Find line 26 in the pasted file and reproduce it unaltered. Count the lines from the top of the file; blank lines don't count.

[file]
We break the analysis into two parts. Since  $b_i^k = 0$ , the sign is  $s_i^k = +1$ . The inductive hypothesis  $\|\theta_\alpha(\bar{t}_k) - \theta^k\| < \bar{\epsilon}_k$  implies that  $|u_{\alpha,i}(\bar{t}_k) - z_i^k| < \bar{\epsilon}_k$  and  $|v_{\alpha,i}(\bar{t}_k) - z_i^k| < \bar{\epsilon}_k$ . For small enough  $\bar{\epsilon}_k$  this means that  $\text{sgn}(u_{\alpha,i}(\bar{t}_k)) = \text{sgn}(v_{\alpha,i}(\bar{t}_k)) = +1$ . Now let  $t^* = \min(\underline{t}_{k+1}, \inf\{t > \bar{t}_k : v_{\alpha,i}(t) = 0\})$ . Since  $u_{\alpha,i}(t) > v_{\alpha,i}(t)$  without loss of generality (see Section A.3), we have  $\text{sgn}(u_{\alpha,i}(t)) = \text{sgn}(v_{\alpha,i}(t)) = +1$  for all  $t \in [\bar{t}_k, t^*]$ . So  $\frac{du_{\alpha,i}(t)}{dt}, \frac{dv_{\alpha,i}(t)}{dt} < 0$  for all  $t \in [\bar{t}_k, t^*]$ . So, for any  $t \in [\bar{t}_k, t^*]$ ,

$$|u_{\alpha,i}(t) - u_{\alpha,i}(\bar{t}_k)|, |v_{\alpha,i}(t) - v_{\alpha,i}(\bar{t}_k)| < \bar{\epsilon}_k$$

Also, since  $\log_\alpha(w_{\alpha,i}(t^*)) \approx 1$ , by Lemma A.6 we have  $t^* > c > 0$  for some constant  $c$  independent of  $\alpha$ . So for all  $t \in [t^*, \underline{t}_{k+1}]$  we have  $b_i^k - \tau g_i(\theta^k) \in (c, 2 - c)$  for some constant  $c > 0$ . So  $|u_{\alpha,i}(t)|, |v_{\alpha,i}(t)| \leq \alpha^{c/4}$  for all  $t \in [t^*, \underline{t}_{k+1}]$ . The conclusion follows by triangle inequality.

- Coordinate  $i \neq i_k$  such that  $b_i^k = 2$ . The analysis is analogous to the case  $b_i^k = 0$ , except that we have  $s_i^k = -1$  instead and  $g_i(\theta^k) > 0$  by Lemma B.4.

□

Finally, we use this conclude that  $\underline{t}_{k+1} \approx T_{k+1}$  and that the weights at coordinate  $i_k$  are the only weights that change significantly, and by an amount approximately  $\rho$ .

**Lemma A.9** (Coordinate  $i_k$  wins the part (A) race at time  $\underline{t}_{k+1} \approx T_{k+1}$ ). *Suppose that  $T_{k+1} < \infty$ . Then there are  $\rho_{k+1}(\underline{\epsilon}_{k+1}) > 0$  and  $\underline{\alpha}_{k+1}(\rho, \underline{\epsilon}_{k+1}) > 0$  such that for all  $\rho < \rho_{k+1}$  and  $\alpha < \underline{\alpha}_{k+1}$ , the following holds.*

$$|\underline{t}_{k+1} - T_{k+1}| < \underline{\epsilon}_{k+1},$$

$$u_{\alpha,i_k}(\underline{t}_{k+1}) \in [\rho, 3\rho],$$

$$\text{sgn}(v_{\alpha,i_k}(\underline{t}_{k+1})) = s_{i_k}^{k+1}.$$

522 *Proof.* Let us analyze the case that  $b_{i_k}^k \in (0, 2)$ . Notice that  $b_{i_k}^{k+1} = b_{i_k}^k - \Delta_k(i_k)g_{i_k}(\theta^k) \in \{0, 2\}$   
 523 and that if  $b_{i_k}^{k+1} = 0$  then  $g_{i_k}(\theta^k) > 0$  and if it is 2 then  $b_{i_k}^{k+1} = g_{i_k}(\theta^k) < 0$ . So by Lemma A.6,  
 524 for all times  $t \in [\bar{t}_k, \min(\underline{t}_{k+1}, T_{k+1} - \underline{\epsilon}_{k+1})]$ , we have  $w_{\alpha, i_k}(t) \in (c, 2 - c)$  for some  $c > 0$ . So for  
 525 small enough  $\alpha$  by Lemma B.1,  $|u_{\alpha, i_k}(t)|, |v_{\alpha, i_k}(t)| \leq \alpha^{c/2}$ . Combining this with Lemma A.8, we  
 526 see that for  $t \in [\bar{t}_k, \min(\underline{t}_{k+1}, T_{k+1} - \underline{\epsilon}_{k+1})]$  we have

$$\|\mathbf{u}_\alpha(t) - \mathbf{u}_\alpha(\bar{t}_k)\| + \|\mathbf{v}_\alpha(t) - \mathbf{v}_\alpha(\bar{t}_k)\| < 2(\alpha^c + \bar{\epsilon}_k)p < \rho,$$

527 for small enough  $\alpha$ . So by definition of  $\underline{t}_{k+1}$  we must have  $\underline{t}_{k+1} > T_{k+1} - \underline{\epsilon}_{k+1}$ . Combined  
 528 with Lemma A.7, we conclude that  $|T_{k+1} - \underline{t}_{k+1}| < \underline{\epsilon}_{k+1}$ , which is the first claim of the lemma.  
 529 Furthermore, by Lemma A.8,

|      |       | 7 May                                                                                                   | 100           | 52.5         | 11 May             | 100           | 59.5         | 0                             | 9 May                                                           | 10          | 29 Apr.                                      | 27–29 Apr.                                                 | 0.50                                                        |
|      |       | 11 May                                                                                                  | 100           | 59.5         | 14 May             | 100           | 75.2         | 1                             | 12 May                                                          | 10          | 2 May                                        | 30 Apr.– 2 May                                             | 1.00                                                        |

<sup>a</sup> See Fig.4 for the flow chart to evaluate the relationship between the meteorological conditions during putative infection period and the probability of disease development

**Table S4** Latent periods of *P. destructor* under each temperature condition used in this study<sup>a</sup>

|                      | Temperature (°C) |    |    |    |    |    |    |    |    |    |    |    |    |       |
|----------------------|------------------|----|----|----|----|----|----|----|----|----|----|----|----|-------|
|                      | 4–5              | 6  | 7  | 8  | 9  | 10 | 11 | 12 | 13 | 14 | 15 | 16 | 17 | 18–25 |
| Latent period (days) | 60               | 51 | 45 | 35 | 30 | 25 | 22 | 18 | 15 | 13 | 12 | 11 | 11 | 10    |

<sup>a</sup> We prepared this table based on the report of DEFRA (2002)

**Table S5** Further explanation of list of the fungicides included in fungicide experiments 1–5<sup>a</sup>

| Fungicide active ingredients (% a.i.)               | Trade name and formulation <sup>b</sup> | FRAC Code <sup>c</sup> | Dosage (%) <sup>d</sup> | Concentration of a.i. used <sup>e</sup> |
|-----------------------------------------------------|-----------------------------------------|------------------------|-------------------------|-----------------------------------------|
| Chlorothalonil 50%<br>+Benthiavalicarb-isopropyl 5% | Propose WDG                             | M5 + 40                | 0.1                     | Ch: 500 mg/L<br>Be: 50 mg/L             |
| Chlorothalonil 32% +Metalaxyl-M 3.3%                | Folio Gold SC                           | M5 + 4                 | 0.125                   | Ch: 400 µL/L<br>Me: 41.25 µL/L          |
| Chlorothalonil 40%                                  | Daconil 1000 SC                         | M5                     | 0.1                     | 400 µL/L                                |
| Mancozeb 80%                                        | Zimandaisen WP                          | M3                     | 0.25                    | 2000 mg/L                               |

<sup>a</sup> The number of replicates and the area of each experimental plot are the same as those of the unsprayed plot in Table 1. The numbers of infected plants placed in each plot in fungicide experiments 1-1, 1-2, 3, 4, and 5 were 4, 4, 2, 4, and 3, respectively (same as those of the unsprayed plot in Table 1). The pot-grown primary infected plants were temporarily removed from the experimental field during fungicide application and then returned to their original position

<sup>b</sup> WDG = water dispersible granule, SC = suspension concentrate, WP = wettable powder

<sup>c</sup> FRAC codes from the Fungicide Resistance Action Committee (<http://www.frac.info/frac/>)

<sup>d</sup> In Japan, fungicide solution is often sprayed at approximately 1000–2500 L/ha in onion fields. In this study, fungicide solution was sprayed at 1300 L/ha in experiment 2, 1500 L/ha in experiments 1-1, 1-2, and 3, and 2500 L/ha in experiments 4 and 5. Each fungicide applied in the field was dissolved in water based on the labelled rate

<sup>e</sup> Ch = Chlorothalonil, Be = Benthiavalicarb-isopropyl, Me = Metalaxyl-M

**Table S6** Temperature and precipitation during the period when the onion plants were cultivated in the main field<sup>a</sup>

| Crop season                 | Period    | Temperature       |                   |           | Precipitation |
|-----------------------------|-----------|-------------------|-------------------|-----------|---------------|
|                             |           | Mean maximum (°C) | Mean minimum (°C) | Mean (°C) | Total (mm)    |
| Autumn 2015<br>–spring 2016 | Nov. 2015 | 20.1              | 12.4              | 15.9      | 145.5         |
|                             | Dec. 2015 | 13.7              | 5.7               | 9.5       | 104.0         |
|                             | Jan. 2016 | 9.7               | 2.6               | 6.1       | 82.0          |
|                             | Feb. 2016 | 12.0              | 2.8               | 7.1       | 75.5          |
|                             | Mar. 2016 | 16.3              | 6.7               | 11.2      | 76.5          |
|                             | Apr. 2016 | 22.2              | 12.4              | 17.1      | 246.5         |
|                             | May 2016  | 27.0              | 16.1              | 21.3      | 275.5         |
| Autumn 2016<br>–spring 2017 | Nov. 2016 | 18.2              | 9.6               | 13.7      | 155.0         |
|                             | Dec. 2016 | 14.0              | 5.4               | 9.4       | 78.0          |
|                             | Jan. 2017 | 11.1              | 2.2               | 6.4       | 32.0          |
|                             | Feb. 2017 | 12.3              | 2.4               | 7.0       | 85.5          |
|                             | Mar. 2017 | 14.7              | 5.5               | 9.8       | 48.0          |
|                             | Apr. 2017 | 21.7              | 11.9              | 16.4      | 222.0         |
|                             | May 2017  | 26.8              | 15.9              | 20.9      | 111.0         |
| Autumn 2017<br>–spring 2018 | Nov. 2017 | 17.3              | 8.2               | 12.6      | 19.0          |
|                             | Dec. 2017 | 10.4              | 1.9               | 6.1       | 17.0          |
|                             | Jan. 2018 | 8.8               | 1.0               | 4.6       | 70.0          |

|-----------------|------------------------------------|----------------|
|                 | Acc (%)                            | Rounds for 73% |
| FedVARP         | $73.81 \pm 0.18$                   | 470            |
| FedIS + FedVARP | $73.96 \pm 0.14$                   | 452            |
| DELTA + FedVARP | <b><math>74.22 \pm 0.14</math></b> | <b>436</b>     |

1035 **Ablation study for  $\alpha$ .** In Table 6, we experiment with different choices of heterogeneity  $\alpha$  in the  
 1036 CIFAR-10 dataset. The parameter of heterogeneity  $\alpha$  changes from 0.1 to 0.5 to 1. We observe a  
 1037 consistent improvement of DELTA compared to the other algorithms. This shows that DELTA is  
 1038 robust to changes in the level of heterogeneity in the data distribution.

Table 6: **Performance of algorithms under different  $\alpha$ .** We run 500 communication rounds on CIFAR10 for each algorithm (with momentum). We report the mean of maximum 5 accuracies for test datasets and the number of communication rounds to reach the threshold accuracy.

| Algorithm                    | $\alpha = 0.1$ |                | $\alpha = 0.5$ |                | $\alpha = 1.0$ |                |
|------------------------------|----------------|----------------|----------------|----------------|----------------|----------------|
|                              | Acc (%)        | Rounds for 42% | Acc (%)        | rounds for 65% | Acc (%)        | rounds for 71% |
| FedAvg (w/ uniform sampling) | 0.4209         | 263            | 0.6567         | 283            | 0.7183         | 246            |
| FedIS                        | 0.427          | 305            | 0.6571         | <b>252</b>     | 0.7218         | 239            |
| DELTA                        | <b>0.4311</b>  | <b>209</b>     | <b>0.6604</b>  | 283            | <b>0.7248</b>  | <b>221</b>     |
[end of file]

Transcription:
|                      | 4–5              | 6  | 7  | 8  | 9  | 10 | 11 | 12 | 13 | 14 | 15 | 16 | 17 | 18–25 |